Don’t create supervillains. In most Web 2.0 world, we have sites with free memberships, meaning anyone can come and create an account. Once you do that, the first community moderation tool you build is the “boot member tool”, and the person you boot creates another free account and this time they’re pissed off. When you boot people, you’re going to create supervillains. Instead, minimise the damage they do, work with them directly, and build tools around minimising damage individual members can make, design community so one person can’t do too much damage.

One site, if you get on their bad list, the site just gets slower and slower and slower for you. Because we’re used to that, the problem member doesn’t create a new account, they just get bored and go away. Don’t just boot trolls.

These people will just keep coming back and it’s unfortunate because people, members of your community are passionate, both good and… not so good. Amazing how engaged people become, and how much they want to participate.

Know your audience. Chevy Tahoe campaign, to make ad for Chevy, so you could pick from their video, photos, sound, etc., and could add your own text. Made ads which protested against the Tahoe. Lots of ‘off message’, but created a lot of attention. People rebelled because you couldn’t take your ad with you, it only existed in the Chevy universe, you couldn’t upload your sound or photos or video, so the constraints caused rebellion. Also, know your audience, they made a site for the entire internet, rather than say just Tahoe users.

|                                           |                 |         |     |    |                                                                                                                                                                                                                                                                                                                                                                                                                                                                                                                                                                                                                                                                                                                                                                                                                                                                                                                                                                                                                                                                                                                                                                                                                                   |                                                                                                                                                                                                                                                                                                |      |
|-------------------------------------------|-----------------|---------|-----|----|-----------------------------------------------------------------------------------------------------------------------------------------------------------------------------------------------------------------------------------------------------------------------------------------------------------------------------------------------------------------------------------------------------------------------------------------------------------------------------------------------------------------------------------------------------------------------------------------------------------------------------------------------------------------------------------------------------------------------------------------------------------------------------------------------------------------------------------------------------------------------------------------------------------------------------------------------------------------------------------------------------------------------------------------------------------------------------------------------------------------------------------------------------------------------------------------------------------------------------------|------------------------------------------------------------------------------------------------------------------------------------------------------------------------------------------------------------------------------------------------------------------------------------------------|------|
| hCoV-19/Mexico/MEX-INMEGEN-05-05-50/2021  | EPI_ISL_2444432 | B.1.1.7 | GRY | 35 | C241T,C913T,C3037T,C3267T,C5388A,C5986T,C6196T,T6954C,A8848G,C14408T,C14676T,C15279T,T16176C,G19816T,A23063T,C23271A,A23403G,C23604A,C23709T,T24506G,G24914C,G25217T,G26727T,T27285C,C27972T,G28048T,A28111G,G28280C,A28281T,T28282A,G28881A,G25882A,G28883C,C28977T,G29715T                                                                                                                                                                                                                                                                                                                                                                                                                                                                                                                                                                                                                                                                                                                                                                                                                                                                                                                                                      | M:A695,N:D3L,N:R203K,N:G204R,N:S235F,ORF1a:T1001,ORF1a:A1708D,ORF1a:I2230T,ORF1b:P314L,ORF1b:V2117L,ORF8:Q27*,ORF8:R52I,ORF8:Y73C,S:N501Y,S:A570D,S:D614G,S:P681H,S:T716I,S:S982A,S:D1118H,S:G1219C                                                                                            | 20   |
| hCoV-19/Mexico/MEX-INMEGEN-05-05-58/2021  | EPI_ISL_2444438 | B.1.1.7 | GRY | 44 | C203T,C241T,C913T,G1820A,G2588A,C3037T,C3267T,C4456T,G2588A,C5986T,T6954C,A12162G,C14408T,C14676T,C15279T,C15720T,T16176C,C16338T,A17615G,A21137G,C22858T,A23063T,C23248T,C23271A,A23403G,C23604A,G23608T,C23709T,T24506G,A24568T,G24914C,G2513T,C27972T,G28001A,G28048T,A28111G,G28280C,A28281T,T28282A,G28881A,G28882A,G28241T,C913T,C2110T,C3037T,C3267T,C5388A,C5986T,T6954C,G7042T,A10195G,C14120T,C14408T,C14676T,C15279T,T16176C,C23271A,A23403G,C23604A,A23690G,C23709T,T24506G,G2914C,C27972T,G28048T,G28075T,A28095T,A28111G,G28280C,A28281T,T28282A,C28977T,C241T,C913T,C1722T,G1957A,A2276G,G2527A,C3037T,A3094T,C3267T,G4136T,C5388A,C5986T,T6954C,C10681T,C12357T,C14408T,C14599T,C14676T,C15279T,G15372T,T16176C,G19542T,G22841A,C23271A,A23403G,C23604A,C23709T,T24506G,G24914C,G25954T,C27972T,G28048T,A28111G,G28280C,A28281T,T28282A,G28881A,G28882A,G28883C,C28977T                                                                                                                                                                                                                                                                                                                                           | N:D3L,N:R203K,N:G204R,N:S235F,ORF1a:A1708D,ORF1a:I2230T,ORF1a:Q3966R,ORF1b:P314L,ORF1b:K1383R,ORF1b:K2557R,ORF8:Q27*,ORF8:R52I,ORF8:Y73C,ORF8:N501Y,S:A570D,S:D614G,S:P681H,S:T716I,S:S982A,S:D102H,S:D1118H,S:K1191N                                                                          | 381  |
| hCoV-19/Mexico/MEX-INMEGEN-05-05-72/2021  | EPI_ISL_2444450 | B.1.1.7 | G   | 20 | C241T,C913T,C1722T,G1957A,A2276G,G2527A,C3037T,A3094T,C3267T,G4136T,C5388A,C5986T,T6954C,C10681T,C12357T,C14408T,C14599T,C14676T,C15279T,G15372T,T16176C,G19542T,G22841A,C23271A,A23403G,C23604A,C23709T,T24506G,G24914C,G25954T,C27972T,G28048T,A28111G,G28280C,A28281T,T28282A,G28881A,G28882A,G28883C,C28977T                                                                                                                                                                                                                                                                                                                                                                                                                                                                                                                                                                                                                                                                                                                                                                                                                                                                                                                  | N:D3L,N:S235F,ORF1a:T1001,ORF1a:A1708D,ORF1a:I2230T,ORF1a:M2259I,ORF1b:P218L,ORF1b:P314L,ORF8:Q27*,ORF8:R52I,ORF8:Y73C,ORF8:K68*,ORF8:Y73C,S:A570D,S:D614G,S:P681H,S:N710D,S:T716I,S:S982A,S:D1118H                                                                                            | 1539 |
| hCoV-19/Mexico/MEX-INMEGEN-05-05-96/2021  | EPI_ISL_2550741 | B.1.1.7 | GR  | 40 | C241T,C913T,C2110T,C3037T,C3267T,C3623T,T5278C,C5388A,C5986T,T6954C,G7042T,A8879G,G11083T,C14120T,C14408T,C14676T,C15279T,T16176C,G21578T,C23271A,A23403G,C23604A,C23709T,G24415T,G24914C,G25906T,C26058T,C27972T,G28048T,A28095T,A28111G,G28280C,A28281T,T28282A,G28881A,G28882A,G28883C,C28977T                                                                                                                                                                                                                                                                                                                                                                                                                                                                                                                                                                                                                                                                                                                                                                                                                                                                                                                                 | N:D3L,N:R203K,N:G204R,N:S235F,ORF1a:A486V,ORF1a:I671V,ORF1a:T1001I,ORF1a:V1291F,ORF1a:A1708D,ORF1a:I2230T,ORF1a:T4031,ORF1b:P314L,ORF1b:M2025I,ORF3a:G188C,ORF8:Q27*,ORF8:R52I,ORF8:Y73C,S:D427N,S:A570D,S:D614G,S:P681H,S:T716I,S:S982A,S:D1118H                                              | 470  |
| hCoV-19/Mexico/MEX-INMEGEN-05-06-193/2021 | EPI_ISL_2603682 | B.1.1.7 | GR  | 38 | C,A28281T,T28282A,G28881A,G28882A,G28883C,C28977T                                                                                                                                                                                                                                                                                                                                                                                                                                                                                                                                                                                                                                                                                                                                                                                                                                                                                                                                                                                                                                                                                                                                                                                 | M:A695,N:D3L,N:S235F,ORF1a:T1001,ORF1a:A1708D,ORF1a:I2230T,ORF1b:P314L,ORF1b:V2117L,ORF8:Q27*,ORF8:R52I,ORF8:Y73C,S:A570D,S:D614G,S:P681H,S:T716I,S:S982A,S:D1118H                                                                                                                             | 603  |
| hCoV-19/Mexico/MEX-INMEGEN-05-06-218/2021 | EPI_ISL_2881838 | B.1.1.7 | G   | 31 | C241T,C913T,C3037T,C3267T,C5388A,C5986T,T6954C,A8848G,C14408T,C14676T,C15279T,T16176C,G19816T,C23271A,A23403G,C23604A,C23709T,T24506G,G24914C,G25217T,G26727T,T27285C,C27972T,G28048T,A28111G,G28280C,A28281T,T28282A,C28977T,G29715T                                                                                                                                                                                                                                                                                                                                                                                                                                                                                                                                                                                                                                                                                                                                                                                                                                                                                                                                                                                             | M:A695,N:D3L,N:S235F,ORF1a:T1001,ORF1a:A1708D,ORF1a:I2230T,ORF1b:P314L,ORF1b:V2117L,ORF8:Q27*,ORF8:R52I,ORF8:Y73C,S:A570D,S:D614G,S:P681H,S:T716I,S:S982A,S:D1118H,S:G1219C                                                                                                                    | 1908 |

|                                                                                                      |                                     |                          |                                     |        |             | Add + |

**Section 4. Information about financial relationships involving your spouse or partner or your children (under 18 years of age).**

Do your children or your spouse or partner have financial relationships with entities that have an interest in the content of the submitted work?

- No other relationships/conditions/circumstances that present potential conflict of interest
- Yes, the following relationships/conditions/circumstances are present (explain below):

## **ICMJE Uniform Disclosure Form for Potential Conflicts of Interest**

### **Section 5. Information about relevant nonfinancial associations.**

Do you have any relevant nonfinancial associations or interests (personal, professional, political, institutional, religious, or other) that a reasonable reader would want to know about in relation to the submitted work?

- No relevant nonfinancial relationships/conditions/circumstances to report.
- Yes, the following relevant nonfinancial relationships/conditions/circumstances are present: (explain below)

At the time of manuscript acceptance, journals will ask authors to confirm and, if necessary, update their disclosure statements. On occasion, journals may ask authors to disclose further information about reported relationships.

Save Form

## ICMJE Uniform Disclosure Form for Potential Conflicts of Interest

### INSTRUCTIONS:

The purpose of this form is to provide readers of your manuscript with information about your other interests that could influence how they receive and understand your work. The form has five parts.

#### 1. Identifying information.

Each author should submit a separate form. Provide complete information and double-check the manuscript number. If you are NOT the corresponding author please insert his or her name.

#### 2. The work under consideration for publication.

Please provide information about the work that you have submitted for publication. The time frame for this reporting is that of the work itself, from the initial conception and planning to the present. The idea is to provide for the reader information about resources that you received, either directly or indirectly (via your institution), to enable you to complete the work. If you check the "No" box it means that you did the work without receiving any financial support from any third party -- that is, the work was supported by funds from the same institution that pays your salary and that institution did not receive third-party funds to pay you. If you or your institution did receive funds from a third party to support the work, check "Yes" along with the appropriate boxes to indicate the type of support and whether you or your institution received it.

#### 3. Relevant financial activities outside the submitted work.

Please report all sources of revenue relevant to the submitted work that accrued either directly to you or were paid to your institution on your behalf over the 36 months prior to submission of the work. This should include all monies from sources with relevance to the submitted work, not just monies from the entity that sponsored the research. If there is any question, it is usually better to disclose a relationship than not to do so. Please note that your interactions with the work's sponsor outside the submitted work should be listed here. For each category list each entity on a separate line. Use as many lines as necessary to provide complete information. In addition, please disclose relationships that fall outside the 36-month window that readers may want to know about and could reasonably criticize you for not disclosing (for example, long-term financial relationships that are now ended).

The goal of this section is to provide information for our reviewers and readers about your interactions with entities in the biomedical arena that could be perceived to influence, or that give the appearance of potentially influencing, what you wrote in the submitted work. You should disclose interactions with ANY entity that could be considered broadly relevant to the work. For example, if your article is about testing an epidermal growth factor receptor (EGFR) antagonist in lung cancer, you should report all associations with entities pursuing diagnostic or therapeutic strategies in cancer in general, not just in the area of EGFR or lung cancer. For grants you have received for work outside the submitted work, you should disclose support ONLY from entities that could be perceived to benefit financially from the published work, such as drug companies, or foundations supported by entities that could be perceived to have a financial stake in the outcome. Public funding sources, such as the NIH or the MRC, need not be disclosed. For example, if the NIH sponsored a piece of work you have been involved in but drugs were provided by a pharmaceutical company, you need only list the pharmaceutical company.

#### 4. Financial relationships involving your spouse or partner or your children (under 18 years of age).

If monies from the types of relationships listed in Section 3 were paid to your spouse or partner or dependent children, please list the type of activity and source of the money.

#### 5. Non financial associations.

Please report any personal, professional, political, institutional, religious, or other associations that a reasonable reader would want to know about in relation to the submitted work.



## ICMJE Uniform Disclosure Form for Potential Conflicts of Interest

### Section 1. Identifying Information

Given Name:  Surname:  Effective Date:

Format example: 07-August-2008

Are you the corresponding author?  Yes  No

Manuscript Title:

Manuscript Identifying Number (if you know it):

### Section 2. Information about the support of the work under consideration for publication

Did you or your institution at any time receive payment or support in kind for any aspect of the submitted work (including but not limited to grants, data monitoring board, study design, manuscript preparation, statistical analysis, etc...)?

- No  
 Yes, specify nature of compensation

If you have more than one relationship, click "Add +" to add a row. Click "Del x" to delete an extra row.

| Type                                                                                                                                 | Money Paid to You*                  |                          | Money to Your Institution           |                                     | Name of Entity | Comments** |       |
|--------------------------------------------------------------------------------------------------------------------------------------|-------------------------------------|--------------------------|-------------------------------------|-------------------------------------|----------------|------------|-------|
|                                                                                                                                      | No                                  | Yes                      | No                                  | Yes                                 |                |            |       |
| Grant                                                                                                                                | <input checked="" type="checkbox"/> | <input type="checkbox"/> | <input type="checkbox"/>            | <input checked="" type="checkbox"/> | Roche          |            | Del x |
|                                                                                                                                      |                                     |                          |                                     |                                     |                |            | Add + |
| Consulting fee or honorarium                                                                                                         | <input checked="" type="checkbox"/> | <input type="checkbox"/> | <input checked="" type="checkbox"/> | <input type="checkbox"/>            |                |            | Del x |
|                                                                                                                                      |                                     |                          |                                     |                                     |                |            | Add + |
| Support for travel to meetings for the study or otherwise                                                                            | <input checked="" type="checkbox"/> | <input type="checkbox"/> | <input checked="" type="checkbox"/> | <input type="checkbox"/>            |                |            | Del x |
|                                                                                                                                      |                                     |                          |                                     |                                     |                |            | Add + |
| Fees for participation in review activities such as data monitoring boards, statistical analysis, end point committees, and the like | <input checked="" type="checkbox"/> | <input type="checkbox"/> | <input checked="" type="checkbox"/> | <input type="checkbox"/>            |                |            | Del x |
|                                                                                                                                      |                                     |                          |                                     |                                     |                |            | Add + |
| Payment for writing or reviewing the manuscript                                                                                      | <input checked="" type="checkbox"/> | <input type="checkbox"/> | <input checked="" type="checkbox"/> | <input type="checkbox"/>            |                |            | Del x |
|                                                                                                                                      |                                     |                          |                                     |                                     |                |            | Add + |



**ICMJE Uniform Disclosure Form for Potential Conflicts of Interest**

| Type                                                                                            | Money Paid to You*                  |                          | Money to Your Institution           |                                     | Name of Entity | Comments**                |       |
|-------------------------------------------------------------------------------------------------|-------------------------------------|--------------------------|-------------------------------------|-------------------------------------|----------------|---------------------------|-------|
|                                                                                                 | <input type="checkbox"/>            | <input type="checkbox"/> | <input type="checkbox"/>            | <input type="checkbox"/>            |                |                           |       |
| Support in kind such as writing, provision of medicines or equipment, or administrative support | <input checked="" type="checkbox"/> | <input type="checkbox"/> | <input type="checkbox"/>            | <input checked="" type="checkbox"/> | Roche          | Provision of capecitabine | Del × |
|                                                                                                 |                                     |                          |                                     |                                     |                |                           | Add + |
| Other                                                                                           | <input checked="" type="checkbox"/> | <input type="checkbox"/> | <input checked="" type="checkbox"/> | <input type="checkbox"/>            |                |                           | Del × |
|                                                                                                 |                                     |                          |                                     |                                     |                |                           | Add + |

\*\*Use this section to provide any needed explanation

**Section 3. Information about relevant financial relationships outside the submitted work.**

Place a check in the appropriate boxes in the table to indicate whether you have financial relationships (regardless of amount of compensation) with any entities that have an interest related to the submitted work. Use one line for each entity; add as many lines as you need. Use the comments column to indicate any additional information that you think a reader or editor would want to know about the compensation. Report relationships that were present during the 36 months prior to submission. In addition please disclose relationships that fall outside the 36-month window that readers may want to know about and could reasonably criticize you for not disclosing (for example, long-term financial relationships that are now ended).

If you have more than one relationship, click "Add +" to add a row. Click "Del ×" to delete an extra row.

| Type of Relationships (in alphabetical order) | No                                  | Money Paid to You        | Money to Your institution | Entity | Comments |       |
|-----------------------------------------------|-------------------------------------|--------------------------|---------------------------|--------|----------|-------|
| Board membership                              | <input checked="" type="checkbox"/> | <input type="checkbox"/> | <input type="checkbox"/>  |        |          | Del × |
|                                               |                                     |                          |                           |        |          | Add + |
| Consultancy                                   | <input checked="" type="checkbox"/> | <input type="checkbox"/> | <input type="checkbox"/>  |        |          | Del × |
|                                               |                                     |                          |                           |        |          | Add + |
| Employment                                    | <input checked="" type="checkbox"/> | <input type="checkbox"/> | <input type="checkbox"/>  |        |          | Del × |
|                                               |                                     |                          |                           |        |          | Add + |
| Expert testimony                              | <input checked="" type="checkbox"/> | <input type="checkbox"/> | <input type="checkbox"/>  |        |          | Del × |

Embrace the chaos. Whenever you create something where people have a voice, they are going to say things that you didn’t expect. Things will happen on your site that you didn’t expect.

A small computer in Vancouver had four computers stolen. One laptop had Photobooth, which was set to automatically upload photos to Flickr. So the company saw this dude with no shirt on, uploading pics of his tattoos to their account. Ran over all the web, media, etc., and Flickr could see his IP address and his phone number on his website, and busted him. He’s known to the police, and his lawyer saw his picture on Flickr, and told him to turn himself in.